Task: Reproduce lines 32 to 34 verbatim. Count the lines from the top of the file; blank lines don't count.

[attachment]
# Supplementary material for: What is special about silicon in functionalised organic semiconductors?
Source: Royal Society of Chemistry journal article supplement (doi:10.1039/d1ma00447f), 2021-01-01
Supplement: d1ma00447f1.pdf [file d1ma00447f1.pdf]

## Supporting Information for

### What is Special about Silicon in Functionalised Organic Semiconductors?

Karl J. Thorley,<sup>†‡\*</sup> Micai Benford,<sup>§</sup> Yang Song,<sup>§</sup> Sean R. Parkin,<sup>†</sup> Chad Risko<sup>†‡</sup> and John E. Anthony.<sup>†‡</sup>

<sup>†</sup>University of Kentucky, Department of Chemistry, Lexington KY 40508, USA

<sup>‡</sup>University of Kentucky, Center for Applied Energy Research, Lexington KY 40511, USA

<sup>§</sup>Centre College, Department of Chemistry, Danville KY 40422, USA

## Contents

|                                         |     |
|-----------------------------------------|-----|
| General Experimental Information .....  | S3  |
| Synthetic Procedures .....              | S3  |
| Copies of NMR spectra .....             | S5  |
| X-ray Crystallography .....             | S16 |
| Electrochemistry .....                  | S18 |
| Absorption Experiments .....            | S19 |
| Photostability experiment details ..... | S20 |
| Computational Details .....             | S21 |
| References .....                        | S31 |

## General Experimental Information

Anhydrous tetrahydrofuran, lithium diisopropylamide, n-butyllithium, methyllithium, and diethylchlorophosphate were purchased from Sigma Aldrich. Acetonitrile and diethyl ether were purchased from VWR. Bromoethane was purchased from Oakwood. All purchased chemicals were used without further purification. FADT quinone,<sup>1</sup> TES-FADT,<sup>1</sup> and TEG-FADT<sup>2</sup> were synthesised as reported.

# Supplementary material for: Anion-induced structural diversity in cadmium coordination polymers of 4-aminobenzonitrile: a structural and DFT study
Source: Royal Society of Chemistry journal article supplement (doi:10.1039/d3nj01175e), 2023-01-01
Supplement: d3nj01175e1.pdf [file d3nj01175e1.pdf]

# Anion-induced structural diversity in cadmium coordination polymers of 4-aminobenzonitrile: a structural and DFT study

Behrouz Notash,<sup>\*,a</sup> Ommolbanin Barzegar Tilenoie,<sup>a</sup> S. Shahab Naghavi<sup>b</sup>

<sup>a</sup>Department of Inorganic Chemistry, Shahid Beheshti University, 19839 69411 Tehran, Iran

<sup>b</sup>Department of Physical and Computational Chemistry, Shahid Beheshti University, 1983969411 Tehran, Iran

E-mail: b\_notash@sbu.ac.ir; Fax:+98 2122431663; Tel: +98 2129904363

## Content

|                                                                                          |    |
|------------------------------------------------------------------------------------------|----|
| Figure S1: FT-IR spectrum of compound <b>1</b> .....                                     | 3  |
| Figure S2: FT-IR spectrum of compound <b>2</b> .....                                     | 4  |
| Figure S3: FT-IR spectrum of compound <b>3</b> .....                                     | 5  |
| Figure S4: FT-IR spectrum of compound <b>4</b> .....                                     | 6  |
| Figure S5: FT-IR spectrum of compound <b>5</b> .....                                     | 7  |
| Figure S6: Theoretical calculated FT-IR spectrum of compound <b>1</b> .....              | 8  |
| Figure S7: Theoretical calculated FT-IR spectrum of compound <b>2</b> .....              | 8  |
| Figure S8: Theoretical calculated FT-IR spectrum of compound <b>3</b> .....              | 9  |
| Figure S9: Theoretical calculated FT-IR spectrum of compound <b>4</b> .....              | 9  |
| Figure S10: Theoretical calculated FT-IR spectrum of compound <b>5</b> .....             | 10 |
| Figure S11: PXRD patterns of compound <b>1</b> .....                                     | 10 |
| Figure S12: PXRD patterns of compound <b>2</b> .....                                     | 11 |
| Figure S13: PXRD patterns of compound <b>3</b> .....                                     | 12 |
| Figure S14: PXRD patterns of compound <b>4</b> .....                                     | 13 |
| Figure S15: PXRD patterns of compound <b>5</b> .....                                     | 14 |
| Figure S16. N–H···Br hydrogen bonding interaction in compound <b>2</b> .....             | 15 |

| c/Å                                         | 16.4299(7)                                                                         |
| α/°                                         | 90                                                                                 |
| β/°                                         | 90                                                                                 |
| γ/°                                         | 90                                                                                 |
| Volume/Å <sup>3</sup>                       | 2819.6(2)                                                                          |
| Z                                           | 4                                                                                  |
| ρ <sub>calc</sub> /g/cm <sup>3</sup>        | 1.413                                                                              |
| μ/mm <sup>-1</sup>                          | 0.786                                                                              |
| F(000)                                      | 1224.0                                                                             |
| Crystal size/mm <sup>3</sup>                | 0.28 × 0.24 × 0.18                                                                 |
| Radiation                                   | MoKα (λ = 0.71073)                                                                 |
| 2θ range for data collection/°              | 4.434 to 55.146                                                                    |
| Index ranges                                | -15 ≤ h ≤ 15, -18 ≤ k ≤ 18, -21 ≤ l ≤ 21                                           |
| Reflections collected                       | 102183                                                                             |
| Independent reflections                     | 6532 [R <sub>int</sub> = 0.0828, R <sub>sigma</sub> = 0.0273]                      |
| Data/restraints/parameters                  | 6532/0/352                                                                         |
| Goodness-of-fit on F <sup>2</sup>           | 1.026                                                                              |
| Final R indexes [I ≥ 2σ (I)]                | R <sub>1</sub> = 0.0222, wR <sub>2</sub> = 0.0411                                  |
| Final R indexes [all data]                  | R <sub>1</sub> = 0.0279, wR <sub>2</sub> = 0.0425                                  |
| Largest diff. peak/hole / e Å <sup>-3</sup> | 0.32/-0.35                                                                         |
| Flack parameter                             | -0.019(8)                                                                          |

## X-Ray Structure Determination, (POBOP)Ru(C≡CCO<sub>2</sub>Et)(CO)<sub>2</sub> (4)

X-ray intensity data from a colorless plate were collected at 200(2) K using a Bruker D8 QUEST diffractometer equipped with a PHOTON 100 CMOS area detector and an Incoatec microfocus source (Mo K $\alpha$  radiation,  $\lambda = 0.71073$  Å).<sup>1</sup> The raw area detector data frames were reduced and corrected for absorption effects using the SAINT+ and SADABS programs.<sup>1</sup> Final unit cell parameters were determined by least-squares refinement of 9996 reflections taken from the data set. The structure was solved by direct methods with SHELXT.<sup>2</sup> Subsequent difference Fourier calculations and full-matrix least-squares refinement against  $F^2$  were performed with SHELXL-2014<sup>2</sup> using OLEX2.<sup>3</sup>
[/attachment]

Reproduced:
## Content

|                                                                                          |    |
|------------------------------------------------------------------------------------------|----|